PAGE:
In most design fields it's conventional wisdom that you should give a client three versions or "comps" of an idea, so they can choose their favorite, or maybe combine what they like best about two or all three of them. It's been so common for so long, that it's accepted unquestioningly, like the wisdom of washing your hands or wearing a seat belt.
Well, I question it. In fact I stopped doing it a long time ago.
When a client asks me for three ideas, I reply, "I'm going to give you one really good one." You know what? It works great. Here's why I don't believe in the rule of three:
- You're setting out to mislead your client -- and yourself. How often have you presented three ideas, any of which you believed was exactly the right solution? Maybe... never? Too many creative professionals pretend this is a useful set of alternatives: a throwaway, which they silently pray the client won't be obtuse enough to choose, a second choice they could live with, and the one they actually believe in. Doesn't this strike you as a tiny bit deceptive? Do you really want to start a relationship that way? Isn't great design more about discovering truth?
- It lowers the chances of success. The odds are as bad as one in three that you'll end up working on an idea you're excited about. And what if the client goes ahead and takes parts from different ideas, Frankenstein-style? How well is that likely to work?
- It encourages a lack of focus. Too often, people ask for three options because they haven't thought their way to any particular sense of direction. They're taking shots in the dark.
- You're surrendering control to an unqualified person (i.e. your client). Why did you get hired? Presumably because you're very good at what you do. Your client has a need, and hired you to do the work to fulfill it. Listen carefully to what the client says in terms of needs, and always stay open to the fact that a genuinely good idea can come from anywhere. But, politely but firmly, keep control of the mechanics of the process. No one gets away with grabbing a pipe wrench and pushing the plumber out of the way. Why should you invite that to happen to you?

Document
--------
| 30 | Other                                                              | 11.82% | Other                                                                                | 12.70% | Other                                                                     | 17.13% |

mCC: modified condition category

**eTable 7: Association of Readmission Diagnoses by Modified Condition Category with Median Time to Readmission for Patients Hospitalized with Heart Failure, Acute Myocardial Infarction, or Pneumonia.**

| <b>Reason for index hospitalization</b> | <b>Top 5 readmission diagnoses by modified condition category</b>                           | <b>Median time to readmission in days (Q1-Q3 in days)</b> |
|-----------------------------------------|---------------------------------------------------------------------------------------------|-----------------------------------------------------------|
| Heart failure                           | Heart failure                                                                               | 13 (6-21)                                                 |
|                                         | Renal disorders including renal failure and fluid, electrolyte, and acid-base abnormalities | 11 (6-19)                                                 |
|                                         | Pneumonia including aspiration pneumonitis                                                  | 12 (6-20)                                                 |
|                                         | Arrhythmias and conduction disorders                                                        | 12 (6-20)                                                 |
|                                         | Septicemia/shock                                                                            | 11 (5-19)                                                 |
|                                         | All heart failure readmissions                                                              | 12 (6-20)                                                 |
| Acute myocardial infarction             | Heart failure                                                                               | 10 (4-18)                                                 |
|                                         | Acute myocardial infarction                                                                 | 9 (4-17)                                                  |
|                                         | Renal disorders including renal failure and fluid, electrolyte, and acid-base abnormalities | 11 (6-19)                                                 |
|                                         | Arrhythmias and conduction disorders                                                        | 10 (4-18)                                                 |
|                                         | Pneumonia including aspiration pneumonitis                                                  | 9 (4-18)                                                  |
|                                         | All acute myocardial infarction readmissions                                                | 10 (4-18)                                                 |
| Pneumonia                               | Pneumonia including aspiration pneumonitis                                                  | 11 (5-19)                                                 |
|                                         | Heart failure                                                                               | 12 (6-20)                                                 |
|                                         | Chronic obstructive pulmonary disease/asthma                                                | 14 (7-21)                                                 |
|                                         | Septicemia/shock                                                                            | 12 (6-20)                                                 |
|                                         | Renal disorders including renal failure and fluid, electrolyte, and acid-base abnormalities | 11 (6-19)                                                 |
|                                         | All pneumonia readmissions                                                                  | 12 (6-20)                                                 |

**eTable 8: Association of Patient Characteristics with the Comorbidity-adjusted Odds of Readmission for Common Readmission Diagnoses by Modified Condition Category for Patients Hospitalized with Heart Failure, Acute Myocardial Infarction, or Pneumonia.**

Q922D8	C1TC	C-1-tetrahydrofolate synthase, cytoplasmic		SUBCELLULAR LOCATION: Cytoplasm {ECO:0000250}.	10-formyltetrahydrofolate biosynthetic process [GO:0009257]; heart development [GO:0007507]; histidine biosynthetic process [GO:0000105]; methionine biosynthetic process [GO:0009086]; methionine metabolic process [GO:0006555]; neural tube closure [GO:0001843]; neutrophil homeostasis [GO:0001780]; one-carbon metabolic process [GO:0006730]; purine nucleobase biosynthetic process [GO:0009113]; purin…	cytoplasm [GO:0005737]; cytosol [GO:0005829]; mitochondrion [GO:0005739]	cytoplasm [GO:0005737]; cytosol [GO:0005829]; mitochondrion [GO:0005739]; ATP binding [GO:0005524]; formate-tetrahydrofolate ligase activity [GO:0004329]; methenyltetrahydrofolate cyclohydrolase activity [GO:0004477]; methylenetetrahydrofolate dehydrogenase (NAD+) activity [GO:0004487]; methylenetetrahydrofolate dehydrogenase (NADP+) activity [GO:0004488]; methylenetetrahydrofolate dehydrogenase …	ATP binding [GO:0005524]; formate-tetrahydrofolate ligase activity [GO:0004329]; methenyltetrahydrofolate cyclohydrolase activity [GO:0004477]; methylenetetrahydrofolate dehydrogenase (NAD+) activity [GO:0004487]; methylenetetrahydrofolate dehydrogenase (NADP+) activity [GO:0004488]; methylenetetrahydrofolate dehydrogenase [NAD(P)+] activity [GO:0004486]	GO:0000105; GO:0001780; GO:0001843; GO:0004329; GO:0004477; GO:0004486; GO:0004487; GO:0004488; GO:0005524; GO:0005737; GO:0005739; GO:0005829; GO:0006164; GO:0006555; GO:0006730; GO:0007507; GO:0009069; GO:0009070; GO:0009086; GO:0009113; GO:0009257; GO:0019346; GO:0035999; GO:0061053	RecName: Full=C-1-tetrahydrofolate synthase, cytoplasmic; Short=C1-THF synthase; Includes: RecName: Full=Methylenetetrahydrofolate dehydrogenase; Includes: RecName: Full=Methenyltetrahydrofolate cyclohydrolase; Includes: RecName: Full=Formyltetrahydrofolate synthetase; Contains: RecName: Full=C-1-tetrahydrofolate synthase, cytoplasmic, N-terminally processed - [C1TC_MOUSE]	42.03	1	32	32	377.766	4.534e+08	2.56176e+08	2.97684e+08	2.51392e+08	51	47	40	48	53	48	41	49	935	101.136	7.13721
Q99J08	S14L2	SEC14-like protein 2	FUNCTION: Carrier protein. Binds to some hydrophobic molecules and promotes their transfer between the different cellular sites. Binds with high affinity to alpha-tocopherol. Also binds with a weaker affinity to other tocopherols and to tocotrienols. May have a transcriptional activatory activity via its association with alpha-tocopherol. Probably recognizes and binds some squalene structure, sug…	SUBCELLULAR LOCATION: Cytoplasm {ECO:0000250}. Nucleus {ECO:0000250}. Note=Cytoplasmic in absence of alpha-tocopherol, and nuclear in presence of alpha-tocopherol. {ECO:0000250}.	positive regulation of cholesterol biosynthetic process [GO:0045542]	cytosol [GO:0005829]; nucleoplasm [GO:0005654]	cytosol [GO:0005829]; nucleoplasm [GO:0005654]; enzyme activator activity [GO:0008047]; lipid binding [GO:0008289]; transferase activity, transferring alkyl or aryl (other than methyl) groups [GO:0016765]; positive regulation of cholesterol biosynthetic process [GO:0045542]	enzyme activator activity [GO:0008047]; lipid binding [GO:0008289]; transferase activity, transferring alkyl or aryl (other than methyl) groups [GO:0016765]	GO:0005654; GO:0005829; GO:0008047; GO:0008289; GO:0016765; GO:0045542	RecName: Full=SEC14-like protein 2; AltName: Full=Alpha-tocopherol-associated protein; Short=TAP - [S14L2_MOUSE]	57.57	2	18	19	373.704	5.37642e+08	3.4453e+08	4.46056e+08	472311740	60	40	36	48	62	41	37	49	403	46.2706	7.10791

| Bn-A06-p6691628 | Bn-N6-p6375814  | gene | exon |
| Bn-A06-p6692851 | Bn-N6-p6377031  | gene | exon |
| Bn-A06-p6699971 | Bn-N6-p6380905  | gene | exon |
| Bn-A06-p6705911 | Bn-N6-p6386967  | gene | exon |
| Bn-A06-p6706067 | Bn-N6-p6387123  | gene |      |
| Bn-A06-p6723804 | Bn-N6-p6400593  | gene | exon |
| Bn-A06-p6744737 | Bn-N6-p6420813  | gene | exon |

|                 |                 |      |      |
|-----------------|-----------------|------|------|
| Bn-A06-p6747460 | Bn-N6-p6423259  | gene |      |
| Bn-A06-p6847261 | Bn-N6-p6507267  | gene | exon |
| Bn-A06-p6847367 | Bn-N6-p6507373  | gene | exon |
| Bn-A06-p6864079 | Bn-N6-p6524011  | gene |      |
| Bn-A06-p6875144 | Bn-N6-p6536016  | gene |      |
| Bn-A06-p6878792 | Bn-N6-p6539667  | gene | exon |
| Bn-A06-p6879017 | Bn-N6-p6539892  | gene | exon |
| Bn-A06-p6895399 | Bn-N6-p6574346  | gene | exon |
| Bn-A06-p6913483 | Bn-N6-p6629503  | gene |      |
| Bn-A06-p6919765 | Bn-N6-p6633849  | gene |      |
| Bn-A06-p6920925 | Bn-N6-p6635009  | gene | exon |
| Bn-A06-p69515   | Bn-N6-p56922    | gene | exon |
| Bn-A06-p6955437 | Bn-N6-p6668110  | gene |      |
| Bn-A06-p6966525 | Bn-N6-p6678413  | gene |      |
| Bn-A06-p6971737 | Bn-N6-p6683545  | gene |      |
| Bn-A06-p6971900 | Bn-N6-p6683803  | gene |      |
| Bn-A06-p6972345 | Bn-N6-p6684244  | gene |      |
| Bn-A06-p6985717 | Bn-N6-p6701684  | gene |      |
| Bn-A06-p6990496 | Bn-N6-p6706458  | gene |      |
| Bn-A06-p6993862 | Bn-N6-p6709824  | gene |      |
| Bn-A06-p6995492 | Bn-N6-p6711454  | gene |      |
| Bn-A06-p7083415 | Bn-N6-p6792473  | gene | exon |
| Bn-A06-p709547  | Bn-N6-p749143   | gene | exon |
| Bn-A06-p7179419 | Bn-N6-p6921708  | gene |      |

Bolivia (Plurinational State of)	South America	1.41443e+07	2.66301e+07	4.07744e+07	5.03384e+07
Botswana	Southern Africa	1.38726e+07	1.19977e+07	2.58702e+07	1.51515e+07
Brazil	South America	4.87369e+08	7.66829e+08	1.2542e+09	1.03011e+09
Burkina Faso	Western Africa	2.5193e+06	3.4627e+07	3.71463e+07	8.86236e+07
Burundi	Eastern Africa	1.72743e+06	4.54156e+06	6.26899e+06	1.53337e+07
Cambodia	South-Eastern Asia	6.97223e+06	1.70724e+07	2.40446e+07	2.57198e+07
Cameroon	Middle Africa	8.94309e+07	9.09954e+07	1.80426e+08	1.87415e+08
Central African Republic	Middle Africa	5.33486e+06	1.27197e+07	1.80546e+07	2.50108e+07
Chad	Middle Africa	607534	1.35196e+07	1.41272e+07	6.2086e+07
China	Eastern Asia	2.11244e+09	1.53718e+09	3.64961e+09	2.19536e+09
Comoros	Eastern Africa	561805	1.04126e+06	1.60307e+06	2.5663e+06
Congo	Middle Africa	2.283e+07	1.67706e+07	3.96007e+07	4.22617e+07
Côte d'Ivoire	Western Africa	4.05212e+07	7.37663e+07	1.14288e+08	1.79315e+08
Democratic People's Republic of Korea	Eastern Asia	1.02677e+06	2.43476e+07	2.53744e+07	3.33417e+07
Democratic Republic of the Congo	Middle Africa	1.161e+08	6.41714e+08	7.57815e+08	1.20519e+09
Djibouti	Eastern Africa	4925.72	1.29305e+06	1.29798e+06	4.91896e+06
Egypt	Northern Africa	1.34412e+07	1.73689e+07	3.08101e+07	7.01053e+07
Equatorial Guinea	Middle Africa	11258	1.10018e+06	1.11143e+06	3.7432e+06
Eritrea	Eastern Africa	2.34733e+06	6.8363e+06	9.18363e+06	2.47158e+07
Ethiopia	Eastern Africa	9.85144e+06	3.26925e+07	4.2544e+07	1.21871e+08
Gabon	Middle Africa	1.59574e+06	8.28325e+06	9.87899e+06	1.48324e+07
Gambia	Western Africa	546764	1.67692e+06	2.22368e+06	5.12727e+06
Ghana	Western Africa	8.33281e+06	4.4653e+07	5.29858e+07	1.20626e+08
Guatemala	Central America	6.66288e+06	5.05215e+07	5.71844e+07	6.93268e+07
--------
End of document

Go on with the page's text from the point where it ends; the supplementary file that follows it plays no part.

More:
Wait, you say. What if the client doesn't like your first idea?
Give them another one. But make it another one that you really believe in.
What if your client is qualified, such as an art director you report to?
See reason #1: take the risk of committing to an idea you believe in. Soon after I hit upon the "one good idea" approach, I was composing music for the director of a video game, who, naturally, asked for three ideas. When I said "No, I'll give you one really good one," he turned his head this way and that, and squinted at me for a bit. But then he realized that I was going for excellence, and he ended up happy. If your boss still insists on three ideas, then I think you're stuck doing a whole lot of extra work: now you really do have to come up with three great ideas at one time.
What if your client says, "I'm paying you, and I say do it this way"?
Remember, there's such a thing as firing a client. I know, sometimes raw economics dictates otherwise. But if you make a habit of surrendering, over time you'll get a reputation for work that represents what your clients were capable of, not you.
And what if you are a client who happens to be reading this? I hope you'll consider that good design professionals study and work for years to master their crafts. There's probably a lot they know that you don't. And if you really don't think that's true, maybe you should be looking for other designers.
For my part, I always try to hire people who are way better at what they do than I am. As a creative director, I consider my number one skill to be recognizing what greatness looks like -- in other people.